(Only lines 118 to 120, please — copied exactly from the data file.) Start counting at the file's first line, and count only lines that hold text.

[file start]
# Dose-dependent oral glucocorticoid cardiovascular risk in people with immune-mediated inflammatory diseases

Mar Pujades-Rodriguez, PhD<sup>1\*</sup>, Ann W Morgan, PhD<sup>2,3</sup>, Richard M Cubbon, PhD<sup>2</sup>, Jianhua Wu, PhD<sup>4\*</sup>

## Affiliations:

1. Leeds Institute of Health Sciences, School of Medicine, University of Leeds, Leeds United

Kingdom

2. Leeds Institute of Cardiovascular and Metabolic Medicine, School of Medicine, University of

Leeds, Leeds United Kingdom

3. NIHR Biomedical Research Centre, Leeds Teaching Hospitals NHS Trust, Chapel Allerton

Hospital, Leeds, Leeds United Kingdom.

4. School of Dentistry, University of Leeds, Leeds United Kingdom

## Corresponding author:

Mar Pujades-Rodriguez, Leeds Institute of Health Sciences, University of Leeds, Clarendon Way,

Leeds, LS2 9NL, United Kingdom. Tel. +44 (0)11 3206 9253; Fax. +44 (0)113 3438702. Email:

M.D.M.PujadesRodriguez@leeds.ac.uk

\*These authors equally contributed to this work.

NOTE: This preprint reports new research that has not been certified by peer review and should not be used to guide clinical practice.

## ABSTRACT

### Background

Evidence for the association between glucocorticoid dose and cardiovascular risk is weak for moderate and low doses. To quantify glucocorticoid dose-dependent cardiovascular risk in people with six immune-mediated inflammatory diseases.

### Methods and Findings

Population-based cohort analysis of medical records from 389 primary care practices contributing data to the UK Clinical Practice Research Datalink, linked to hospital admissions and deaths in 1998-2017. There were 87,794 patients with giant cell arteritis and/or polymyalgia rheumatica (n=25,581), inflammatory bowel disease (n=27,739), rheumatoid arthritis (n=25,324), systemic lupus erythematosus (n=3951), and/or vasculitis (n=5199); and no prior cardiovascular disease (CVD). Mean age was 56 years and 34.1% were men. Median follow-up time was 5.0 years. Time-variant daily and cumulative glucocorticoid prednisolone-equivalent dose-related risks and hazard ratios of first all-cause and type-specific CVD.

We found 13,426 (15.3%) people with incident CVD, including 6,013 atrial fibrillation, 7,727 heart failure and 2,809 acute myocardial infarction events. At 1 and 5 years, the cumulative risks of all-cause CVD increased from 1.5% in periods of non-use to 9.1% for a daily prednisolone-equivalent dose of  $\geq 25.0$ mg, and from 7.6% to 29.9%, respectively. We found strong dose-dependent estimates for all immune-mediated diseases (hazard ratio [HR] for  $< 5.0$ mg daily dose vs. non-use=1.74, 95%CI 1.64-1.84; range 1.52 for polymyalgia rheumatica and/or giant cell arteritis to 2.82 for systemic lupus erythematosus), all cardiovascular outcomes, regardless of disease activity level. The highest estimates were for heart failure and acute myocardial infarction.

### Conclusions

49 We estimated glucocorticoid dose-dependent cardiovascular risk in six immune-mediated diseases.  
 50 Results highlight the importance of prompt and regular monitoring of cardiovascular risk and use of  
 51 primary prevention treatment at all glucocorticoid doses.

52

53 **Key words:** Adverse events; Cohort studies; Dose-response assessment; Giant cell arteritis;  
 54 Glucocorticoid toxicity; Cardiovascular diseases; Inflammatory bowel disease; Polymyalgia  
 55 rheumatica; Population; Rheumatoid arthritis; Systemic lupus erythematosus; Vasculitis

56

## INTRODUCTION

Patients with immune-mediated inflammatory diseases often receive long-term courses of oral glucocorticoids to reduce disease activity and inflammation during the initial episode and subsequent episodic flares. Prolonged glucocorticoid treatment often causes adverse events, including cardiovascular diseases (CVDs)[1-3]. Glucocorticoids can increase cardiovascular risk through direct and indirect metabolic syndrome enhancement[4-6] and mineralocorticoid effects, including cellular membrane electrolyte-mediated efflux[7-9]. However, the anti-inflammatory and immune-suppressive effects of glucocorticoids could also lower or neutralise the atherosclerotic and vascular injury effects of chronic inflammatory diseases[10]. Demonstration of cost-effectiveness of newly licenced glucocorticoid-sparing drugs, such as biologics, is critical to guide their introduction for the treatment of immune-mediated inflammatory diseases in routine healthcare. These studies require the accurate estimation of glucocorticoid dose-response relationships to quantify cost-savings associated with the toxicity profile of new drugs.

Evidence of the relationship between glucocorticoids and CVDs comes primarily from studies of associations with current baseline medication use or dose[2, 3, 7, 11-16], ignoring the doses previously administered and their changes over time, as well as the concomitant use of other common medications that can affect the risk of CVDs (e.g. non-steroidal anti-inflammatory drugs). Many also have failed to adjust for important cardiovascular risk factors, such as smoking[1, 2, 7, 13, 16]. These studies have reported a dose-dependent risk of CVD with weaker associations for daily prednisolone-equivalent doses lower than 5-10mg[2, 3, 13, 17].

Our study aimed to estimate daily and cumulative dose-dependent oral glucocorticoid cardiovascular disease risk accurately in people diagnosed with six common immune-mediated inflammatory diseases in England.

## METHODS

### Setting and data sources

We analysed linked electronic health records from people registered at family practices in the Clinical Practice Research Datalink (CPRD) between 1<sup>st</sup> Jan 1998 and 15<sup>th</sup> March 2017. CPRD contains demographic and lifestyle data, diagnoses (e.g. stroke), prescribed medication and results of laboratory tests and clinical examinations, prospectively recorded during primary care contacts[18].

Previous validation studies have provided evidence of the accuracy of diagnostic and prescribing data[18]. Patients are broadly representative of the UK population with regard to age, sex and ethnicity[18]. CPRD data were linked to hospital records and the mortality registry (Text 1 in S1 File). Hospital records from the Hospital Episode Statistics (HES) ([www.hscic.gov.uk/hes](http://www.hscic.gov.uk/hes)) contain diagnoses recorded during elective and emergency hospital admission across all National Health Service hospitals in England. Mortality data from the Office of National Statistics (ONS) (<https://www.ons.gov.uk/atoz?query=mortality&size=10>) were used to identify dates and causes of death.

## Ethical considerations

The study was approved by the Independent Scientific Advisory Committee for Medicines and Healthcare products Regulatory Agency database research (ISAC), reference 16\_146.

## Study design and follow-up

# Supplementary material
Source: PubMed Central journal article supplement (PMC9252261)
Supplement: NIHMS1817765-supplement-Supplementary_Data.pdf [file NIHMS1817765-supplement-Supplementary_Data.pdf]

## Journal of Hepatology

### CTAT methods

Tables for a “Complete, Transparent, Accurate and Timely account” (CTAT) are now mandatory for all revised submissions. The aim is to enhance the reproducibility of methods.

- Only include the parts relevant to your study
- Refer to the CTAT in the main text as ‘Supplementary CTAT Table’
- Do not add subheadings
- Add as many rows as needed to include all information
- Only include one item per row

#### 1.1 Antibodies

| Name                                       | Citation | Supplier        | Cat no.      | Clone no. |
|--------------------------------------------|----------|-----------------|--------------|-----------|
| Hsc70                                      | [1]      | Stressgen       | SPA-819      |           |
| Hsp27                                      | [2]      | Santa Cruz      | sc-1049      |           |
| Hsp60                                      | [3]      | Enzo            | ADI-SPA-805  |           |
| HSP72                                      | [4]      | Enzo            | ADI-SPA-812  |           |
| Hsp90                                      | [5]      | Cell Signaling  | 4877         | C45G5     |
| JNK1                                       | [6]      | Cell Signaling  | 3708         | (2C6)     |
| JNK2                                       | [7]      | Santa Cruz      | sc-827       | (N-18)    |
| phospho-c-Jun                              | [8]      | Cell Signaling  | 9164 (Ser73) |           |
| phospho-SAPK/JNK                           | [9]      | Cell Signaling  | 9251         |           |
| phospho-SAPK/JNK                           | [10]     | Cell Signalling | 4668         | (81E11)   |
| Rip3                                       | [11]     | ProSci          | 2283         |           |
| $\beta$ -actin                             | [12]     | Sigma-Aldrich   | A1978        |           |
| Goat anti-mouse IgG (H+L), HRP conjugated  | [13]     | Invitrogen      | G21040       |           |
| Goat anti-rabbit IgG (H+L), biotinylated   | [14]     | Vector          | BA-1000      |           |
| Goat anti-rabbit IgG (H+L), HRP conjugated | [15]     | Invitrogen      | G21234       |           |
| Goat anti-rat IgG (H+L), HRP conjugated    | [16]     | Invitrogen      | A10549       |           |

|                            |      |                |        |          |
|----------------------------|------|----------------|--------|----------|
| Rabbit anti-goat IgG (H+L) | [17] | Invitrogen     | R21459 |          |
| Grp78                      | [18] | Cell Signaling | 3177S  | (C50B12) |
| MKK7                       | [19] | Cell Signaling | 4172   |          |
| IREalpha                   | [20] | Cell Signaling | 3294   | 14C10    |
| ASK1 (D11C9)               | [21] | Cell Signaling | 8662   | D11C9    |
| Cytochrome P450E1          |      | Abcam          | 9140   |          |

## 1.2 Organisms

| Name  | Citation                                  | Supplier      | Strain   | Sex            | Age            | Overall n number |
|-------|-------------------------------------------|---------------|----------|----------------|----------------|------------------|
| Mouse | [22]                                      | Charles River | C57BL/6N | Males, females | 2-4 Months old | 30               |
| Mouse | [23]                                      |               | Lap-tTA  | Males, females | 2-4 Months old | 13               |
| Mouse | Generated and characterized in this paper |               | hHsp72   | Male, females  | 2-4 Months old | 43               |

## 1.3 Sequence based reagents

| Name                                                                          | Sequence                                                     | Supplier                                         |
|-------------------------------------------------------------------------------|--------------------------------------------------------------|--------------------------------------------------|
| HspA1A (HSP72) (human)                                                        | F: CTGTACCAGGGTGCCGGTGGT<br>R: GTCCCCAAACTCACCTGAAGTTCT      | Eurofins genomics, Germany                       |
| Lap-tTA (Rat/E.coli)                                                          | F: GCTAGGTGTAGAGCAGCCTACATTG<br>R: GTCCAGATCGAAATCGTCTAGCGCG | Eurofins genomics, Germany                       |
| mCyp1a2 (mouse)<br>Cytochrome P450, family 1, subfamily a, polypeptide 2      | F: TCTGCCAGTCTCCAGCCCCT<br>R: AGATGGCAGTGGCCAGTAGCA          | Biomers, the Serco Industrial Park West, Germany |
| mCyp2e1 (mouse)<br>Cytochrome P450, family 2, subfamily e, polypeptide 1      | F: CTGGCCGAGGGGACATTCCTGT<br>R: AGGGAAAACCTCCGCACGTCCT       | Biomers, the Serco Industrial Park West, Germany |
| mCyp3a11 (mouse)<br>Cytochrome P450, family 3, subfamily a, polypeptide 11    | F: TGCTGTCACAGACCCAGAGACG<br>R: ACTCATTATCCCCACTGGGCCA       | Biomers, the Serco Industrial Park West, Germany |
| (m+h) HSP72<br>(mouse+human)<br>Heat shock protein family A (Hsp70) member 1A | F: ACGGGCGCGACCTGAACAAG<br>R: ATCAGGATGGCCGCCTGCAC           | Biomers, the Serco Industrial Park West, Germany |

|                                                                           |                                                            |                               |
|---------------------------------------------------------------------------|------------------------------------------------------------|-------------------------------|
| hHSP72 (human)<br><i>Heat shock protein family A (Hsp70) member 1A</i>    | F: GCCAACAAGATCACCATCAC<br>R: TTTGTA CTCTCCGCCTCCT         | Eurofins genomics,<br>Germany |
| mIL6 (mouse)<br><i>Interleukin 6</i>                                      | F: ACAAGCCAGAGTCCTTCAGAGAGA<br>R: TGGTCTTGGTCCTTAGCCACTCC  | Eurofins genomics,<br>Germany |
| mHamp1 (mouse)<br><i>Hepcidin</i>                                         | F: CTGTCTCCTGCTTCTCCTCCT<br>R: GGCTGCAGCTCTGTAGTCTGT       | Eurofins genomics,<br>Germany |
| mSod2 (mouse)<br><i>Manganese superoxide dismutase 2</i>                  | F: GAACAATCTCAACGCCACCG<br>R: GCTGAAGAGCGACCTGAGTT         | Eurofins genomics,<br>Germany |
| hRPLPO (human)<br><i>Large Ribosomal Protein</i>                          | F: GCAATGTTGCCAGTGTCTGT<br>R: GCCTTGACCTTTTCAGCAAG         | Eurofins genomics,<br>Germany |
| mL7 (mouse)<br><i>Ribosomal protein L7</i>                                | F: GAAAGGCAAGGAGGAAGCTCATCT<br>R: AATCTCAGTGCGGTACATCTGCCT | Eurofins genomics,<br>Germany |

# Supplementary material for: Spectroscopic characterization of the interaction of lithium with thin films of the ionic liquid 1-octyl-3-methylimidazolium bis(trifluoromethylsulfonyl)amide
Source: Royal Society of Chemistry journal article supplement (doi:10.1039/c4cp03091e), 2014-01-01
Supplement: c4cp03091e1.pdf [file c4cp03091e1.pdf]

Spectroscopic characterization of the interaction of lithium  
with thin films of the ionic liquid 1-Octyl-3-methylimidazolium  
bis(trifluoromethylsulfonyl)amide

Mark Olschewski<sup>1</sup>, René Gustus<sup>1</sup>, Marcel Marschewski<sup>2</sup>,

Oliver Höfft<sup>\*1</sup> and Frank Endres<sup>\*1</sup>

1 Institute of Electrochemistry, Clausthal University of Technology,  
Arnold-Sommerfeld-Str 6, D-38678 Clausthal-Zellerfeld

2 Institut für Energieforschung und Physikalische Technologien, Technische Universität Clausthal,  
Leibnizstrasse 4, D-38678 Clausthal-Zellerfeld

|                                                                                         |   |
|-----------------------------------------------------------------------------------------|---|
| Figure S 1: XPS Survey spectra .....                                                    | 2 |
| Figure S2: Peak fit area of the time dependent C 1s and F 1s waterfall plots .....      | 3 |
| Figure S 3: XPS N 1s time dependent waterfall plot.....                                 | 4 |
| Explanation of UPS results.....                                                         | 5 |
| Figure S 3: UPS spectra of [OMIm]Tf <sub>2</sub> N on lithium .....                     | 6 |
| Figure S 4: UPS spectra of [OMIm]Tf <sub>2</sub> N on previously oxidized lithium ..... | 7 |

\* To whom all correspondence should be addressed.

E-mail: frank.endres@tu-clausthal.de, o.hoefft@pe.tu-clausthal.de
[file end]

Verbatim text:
| Figure S 1: XPS Survey spectra .....                                                    | 2 |
| Figure S2: Peak fit area of the time dependent C 1s and F 1s waterfall plots .....      | 3 |
| Figure S 3: XPS N 1s time dependent waterfall plot.....                                 | 4 |